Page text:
By Richard Cowan | WASHINGTON
WASHINGTON Republicans control the U.S. Congress and the White House but a bipartisan deal on nearly $1.2 trillion in federal spending that would avert a government shutdown had the fingerprints of Democrats all over it.
U.S. President Donald Trump told Bloomberg news in an interview on Monday he was "very happy" with the deal announced late on Sunday. But Democrats claimed victory on issue after issue, and suggested the path for Congress going forward was to navigate around Trump in a bipartisan manner if he refuses to constructively engage with lawmakers.
Trump scored up to $15 billion in additional funding for a military buildup, though that sum was about half of what he sought in deal reached by Republican and Democratic congressional negotiators.
Money for a U.S.-Mexico border wall Trump has said is needed to stem the flow of illegal immigrants and drugs was nowhere to be found in the agreement due to solid Democratic opposition and tepid support from Trump's fellow Republicans in Congress.
"I think Democrats and Republicans in the House and Senate were closer to one another than we were to the president on so many of the different issues," Senate Democratic leader Chuck Schumer told reporters.
The deal requires passage in Congress in order to avert a partial federal government closure beginning on Saturday and keep the government funded through the end of the fiscal year on Sept. 30.
Schumer and Senator Patrick Leahy, the senior Appropriations Committee Democrat, said they were bolstered in negotiations by the fact that several Republican senators opposed funding for Trump's planned border wall as well as his call for deep domestic spending cuts. They said that the White House never tried to engage with Democrats in the process.
Several of Trump's policy priorities could come before Congress this year, including another shot at dismantling Obamacare after a failure in March, a tax overhaul plan and infrastructure spending. Congress also must deal with raising the nation's debt ceiling and funding for the next fiscal year.
The agreement also preserved funding for healthcare provider Planned Parenthood, which has drawn Republican ire because it performs abortions, for the Obamacare law and for an array of environmental and other domestic programs Trump wanted to slash.
"President Trump sent a proposal to Congress to cut this bill's domestic investments by $18 billion, but I am very glad that this request was ignored," said Senator Patty Murray, a senior Democrat on the Senate Appropriations Committee.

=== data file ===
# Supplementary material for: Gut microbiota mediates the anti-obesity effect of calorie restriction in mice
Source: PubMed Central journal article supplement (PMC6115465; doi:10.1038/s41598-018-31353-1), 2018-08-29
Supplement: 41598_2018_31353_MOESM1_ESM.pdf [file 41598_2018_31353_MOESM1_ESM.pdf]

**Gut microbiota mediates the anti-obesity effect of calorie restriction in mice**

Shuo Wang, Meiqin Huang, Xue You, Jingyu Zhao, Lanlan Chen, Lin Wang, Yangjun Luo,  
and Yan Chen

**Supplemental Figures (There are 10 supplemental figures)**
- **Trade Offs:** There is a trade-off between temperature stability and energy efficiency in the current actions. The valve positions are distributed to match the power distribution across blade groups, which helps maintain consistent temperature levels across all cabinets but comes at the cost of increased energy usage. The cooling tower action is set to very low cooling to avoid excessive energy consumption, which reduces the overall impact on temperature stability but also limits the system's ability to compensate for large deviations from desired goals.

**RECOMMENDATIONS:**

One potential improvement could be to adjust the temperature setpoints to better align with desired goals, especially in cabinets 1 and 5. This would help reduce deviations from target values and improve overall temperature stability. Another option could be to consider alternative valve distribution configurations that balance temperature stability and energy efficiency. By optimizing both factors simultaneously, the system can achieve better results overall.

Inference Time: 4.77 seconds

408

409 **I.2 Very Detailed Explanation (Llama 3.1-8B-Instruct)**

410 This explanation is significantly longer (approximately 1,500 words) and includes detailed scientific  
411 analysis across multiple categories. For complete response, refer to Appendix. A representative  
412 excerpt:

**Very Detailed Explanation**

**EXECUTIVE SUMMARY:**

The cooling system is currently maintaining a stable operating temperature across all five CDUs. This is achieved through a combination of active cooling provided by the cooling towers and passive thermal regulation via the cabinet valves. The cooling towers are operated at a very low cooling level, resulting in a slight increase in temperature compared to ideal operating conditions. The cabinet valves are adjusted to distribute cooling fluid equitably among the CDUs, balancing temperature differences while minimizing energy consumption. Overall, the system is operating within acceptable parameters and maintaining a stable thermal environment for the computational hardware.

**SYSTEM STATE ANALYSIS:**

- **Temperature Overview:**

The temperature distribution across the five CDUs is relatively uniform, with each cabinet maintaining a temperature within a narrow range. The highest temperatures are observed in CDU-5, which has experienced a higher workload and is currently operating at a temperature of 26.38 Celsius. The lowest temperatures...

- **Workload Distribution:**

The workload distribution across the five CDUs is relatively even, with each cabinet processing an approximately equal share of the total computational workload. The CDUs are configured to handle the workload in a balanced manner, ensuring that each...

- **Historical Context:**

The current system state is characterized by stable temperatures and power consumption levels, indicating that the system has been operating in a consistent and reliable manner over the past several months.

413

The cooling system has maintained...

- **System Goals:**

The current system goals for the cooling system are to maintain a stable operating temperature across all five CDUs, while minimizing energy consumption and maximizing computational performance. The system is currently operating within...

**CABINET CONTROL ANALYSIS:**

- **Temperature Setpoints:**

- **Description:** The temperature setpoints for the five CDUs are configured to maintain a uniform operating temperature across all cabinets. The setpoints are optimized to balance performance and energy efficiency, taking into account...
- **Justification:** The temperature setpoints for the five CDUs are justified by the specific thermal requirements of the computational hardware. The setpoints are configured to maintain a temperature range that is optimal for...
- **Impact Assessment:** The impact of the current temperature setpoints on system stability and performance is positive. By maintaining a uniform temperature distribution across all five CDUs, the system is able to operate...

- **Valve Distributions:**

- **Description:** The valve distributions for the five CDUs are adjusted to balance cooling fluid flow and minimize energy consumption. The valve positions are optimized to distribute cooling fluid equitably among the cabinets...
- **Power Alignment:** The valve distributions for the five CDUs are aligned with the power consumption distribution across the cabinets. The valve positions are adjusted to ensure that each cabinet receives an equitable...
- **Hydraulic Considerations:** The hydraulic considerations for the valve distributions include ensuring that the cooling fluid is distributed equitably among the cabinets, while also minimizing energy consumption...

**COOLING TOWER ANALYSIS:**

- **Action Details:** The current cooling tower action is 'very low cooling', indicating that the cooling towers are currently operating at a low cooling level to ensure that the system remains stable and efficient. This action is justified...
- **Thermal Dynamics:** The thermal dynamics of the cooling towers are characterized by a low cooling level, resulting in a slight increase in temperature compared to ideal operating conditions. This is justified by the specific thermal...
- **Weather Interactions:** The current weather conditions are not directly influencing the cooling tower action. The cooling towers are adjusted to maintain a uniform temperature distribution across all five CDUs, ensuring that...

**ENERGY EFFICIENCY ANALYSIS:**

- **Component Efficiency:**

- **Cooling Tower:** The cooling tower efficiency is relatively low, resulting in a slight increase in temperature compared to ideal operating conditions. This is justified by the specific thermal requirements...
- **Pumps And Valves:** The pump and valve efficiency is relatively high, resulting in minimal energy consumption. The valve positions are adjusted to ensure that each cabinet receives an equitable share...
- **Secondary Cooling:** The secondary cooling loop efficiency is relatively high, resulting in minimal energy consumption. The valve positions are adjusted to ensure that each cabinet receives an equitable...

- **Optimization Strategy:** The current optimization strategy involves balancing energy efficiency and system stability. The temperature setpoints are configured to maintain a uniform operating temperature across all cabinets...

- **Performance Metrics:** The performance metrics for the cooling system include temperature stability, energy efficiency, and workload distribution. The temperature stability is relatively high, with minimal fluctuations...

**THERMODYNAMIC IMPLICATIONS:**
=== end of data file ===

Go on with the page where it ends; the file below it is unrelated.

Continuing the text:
White House spokesman Sean Spicer said because the legislation needs to win a super-majority of 60 votes in the 100-seat Senate that cannot be achieved without Democratic support, "we couldn't have our entire way" on the deal.
Spicer said the "president's priorities will be reflected much more" in spending yet to be worked out for the 2018 fiscal year that begins on Oct. 1. He said Trump was pleased to see the increase in military spending, a "downpayment" on border security and money for scholarships to help low-income children in Washington attend private schools.
The fiscal 2017 funds, which should have been locked into place seven months ago, would pay for federal programs from airport and border security operations to soldiers' pay, medical research, foreign aid, space exploration and education.
Republican Representative Jim Jordan, chairman of the House Freedom Caucus bloc of hardline conservative lawmakers, said he and other conservatives likely would not back the measure because it does not fulfill their promises to voters.
The Pentagon would win a $12.5 billion increase in defense spending for the fiscal year that ends on Sept. 30, with the possibility of an additional $2.5 billion contingent on Trump delivering a plan to Congress for defeating Islamic State.
Congressional negotiators settled on $1.5 billion more for border security, including money for new technology and repairing existing infrastructure.
Trump, in an interview with CBS broadcast on Monday, said a separate infrastructure plan would come within three weeks.
The Trump administration earlier backed away from a threat to end federal subsidies for low-income people to receive health insurance through the Affordable Care Act, the program popularly known as Obamacare which Trump had pledged to repeal.
The House is likely to vote first on the package, probably early in the week, and send the measure to the Senate for approval before Friday's midnight deadline. Spicer said he expected Trump would sign it.
(Additional reporting by Doina Chiacu, Susan Heavey and Tim Ahmann; Writing by Will Dunham; Editing by Chizu Nomiyama and Meredith Mazzilli)
The U.S. Capitol Dome is seen before dawn in Washington. REUTERS/Gary Cameron/FilesOriginal Article